Tembak village is a magical place; everybody lives in harmony with one another. It is the perfect balance between pure Dayak culture and traditions, and a small quantity of modern day technologies. The small amount of energy the village does consume comes directly from their micro-water power sites, which generate energy using the multiple river streams that wind through pristine jungle.
What really inspires me about these people is that they have avoided the desire to follow Western culture and become overtaken by greed, as many indigenous communities in Borneo have. This outstanding passion and strength has overpowered the palm oil industry time and time again from penetrating their property for environmental exploitation.
The people in Tembak are so happy, yet on the outside it appears they have so little in comparison to our lives. But they actually have a great deal more. These people are appreciative of what they have in life, as opposed to what they don’t have.
The children don’t need electronic games to entertain themselves – all they require is a ball, some elastic bands or sometimes even a bundle of sticks, and they use their wonderful imaginations to create a game out of the materials they do have. They spend much of their spare time outdoors playing and exploring, often without the company of adults. This allows them to learn boundaries, build social skills and maintain good health. This is an important stage of child development, that in my option, many Western children in today’s world sadly don’t have the chance to experience.
In Western society, we are slaves of a cycle, a cycle of constant consumerism. We are made to feel unsatisfied and always want more. We work and work to earn more money and purchase more commodities. This intense, busy lifestyle can easily cause stress, depression and a wide range of other health problems. The time we spend working long hours for more money also deprives us of time we could be spending with our families and friends.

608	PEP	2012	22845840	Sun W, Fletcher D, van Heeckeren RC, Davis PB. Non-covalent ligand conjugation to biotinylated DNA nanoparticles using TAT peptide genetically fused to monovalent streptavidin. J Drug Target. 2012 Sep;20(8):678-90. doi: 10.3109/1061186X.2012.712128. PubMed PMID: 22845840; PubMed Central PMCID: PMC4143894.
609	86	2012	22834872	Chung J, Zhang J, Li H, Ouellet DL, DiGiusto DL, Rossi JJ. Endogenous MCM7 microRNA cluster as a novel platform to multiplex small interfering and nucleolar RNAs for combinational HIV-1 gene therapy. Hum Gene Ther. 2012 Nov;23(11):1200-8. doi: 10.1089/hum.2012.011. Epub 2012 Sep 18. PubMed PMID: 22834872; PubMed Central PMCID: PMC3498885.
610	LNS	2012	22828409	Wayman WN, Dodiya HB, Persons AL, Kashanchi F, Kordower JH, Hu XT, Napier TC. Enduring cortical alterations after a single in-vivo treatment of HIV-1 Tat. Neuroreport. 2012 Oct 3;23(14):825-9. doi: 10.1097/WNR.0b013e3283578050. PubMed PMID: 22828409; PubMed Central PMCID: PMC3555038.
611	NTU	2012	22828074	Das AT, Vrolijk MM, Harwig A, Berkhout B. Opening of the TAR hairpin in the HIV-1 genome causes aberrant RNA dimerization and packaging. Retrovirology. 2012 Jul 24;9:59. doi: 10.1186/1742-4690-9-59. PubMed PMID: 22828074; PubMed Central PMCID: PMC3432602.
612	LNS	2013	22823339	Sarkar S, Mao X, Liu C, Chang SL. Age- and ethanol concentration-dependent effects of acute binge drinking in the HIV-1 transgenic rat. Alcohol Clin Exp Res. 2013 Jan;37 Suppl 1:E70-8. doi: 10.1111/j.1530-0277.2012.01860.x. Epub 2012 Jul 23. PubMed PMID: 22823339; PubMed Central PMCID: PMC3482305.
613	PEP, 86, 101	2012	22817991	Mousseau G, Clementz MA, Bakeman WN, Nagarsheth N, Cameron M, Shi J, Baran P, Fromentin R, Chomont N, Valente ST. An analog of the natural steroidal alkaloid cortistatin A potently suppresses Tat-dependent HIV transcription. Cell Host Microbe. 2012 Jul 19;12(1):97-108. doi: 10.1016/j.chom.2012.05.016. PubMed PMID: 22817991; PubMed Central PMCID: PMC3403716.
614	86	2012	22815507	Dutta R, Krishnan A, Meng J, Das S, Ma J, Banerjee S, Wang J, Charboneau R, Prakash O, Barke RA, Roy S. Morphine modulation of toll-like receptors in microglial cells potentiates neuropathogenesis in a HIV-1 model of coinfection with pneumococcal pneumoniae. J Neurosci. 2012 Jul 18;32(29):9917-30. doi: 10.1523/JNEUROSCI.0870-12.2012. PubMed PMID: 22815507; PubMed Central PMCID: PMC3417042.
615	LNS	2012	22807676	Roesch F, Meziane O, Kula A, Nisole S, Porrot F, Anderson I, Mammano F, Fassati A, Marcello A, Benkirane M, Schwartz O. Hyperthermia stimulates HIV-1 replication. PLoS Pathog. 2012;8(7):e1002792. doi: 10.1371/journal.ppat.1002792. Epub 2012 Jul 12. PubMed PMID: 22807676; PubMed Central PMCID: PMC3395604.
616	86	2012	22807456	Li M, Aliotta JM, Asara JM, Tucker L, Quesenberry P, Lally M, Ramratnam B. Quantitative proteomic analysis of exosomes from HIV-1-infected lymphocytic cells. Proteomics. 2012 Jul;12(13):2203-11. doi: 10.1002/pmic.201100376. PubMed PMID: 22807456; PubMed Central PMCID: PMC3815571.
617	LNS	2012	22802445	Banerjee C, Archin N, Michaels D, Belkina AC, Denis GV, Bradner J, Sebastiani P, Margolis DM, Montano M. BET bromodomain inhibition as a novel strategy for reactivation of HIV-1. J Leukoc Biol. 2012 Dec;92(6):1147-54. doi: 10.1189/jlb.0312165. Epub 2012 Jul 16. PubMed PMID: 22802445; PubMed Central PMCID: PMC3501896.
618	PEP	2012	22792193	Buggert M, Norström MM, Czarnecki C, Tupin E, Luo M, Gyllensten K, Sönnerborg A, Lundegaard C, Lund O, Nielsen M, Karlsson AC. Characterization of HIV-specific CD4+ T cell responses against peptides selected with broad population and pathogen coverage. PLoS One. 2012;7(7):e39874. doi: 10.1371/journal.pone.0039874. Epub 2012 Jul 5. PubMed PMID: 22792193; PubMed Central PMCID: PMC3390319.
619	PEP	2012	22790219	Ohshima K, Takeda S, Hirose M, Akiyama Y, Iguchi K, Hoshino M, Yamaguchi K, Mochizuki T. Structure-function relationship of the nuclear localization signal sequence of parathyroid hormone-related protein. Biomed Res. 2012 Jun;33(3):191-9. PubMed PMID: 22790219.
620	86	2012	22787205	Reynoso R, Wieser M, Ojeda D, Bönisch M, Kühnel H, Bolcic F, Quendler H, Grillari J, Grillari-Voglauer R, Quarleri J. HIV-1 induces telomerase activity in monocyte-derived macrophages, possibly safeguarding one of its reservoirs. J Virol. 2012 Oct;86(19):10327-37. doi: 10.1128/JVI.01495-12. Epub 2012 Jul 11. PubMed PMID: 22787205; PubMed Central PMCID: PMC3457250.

It makes you question the true key to a happy life – if you have a high paying job, lots of money, a great house and a shiny new car, does this really provide happiness? The people of Tembak have family, friends, an incredible sense of community, a relaxed atmosphere and little money, but they always seem to enjoy life.
So I ask myself: what type of society provides a true wealth of happiness? One that has removed itself from the natural world, destroyed most of its surrounding environment and is driven by materialistic incentive? Or one that respects and lives with nature, values family and friendship above everything else and is not overtaken by greed?
One night in Tembak I was sitting in one of the village houses. I watched as Nenek Suri, an elderly Dayak woman, sat staring into the television (the only electronic item in the entire home) in the corner of the room, captivated by the Western-style advertisements that flashed by on the screen promoting products and luxurious lifestyles. I wondered what she was thinking to herself? Was she observing Western culture and how different it is in comparison to her own culture, or was her mind being poisoned with envy and the message that ‘money is everything’?
For these reasons, I believe it is essential that indigenous villages be protected from falling into the cycle of consumerism that has been woven by Western society. While the people of Tembak do not engage in activity that destroys their natural landscape, many other communities in Borneo are choosing this path.
This is where projects like DeforestAction are vital, to work alongside communities to provide alternative income revenues, to help educate the adults and children about protecting the environment and perhaps even allow them to teach us, Westerners, some valuable lessons about appreciating life.
Written by Thomas King
Orange Power’s sponsorship allowed Thomas to spend 1-14th May in Borneo with 15 other passionate environmentalists from around the world selected to partake in the three month filming of a documentary. “Rise of the Eco-Warrior” aims to highlight issues caused by unsustainable palm oil production. To learn more about the project visit www.DeforestAction.com.